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While dealing with a petition seeking enforcement of strict cluster containment, the Delhi High Court has refused to declare the entire Defence Colony as a containment zone. (Hemant Singh vs Govt of NCT of Delhi & Ors)
The order was passed by a Division Bench of Chief Justice DN Patel and Prateek Jalan in a petition moved by one Hemant Singh.
One of the various grievances raised by the Petitioner was that in spite of the presence of COVID-19 cases in Block-C, the Delhi Government had not declared Defence Colony as a containment zone in terms of the guidelines issued by Central Government on May 16.
The other issue raised by the Petitioner was of increasing the number of beds required for COVID-19 patients in hospitals given the rapid rate at which the infection was spreading.
In response to the petition, the Delhi Government informed the Court that as per the Centre's guidelines, if in a particular colony, one or two houses, or in a particular area within the colony, there is concentration of COVID-19 patients, the whole colony need not be declared as a containment zone.
Accordingly, the specific lanes in Block-C, Defence Colony where the COVID-19 cases were present, had already been declared as containment zone, the Court was informed.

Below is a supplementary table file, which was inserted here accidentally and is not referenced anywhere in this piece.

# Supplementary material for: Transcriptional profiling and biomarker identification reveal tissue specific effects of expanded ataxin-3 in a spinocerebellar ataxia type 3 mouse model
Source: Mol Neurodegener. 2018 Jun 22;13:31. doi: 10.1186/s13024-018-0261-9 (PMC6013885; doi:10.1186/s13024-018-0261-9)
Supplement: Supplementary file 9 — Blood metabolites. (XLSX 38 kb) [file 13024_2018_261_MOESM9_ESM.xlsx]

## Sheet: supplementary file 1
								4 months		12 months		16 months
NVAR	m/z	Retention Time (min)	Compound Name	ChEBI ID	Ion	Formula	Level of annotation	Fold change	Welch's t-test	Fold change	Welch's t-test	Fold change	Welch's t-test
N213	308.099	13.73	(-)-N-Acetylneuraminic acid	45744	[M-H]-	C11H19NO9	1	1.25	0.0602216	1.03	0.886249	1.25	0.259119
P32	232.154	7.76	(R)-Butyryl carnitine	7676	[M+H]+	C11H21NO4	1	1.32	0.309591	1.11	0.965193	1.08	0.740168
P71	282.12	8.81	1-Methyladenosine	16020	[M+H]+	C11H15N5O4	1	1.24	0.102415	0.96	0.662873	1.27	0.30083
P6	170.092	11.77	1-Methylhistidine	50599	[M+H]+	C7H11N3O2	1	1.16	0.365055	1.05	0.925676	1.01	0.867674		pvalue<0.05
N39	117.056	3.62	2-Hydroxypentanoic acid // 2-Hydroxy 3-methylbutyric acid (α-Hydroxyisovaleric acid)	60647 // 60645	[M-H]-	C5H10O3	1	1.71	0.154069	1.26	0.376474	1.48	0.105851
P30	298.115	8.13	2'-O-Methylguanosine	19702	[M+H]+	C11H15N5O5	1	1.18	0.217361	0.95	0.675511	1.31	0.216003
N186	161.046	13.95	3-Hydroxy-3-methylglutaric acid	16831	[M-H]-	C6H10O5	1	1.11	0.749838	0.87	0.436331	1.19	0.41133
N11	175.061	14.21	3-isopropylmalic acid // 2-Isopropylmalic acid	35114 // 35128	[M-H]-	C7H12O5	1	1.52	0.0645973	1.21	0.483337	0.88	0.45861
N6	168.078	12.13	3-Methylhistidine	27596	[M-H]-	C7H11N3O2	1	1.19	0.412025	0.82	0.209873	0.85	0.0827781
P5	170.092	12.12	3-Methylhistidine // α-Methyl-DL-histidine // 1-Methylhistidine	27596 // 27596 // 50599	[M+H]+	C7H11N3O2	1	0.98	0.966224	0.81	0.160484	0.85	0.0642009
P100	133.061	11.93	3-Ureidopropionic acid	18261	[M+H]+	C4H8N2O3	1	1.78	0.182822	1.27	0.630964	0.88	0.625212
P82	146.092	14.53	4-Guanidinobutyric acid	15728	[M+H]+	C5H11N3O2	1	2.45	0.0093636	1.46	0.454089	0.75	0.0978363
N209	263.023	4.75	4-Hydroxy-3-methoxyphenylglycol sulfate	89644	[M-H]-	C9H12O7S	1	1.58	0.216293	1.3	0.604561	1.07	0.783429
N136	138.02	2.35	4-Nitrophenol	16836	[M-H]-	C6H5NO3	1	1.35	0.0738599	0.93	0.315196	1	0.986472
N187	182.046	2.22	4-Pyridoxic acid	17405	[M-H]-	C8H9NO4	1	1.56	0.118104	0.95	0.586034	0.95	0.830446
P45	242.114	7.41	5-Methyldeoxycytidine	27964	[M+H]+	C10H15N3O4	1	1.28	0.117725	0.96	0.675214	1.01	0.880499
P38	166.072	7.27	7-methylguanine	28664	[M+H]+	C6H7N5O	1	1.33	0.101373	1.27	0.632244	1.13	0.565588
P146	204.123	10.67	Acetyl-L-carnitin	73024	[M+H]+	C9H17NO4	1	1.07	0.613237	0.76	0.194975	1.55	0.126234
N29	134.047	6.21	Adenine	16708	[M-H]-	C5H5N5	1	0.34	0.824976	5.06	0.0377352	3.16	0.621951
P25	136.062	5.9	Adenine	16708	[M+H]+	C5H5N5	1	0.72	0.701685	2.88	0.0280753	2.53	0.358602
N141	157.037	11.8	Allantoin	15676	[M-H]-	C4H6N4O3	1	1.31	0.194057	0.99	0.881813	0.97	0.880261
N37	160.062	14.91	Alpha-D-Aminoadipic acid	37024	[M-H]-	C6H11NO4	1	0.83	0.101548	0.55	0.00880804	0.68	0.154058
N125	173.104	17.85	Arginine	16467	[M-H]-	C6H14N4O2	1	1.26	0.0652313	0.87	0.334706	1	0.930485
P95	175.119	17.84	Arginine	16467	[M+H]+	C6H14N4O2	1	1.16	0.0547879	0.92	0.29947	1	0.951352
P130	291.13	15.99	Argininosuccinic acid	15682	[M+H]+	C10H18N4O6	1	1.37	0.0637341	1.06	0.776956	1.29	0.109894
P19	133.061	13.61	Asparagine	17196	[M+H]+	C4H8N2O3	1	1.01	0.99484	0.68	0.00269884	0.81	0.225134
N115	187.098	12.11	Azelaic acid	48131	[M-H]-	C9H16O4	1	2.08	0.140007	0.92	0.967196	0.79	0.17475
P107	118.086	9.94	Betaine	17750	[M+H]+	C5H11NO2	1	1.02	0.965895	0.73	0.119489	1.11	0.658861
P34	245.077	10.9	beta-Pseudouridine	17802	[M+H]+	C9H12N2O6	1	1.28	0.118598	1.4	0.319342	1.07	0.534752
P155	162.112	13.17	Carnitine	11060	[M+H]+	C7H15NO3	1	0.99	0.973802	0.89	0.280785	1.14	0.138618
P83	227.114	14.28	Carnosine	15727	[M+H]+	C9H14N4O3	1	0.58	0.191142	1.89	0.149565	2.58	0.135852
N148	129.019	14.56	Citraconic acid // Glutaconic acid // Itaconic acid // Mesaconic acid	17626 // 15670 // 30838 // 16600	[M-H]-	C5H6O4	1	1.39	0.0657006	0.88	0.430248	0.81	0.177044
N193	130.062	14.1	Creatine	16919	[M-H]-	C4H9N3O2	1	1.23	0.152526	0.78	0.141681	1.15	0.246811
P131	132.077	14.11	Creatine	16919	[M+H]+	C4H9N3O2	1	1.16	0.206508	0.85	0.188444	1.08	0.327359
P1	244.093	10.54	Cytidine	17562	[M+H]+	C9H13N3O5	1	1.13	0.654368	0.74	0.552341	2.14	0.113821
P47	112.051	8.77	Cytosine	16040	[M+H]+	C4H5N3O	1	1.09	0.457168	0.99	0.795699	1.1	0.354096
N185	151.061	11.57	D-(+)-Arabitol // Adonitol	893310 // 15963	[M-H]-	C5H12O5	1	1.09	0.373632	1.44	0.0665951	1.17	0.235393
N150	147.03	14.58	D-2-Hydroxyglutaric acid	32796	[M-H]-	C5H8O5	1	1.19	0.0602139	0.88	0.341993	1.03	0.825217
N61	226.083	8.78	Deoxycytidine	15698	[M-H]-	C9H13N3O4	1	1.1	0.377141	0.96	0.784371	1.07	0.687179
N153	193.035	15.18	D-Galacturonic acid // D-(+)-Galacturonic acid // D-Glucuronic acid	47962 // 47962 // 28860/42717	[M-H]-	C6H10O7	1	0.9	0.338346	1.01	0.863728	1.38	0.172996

In view of the above, the Court ordered,
The Court noted that in terms of the Central Government's guidelines, the geographical delineation of the containment zone was left to the district authorities/ urban local bodies, based on certain criteria.
Nonetheless, if in the future, keeping in mind the applicable guidelines or on advice given by the experts to Delhi Government, if there is need to declare any other part of Defence Colony as a containment zone, Delhi Government shall do so in accordance with the law, the Court clarified.
As far as the issue of increasing beds for COVID-19 patients was concerned, the Delhi Government stated that as per the latest figures, 4914 beds out of total 9179 beds were available as on June 9.
Delhi Government also stated that more than 2000 beds had been taken from the private hospitals for accommodating COVID-19 patients.
Further, a total 569 ventilators were available out of which 315 are being utilised and available, it was added.
The Court was also informed that pursuant to the order of the Lieutenant Governor, Chairman of State Disaster Management Authority, the availability of beds was also being displayed on electronic Board of every hospital in the city.
In view of the submissions, the Court opined that it appears that both the Delhi Government, as well as the Central Government, are aware of the need of more beds and have been dealing with it as well.
Considering the gravity of the situation, the Court proceeded to order,
The Court also asked the Authorities to keep in mind the suggestion by Petitioner's counsel to utilize the “ready to move in” Government flats in the city for putting infrastructure like beds, etc for COVID-19 patients.
The petition was accordingly disposed of.
Advocate Mridul Chakravarty appeared for the Petitioner.
Additional Standing Counsel Shadan Farasat appeared for Delhi Government.
Centre was represented by Standing Counsel Anurag Ahluwalia.
Read the Order: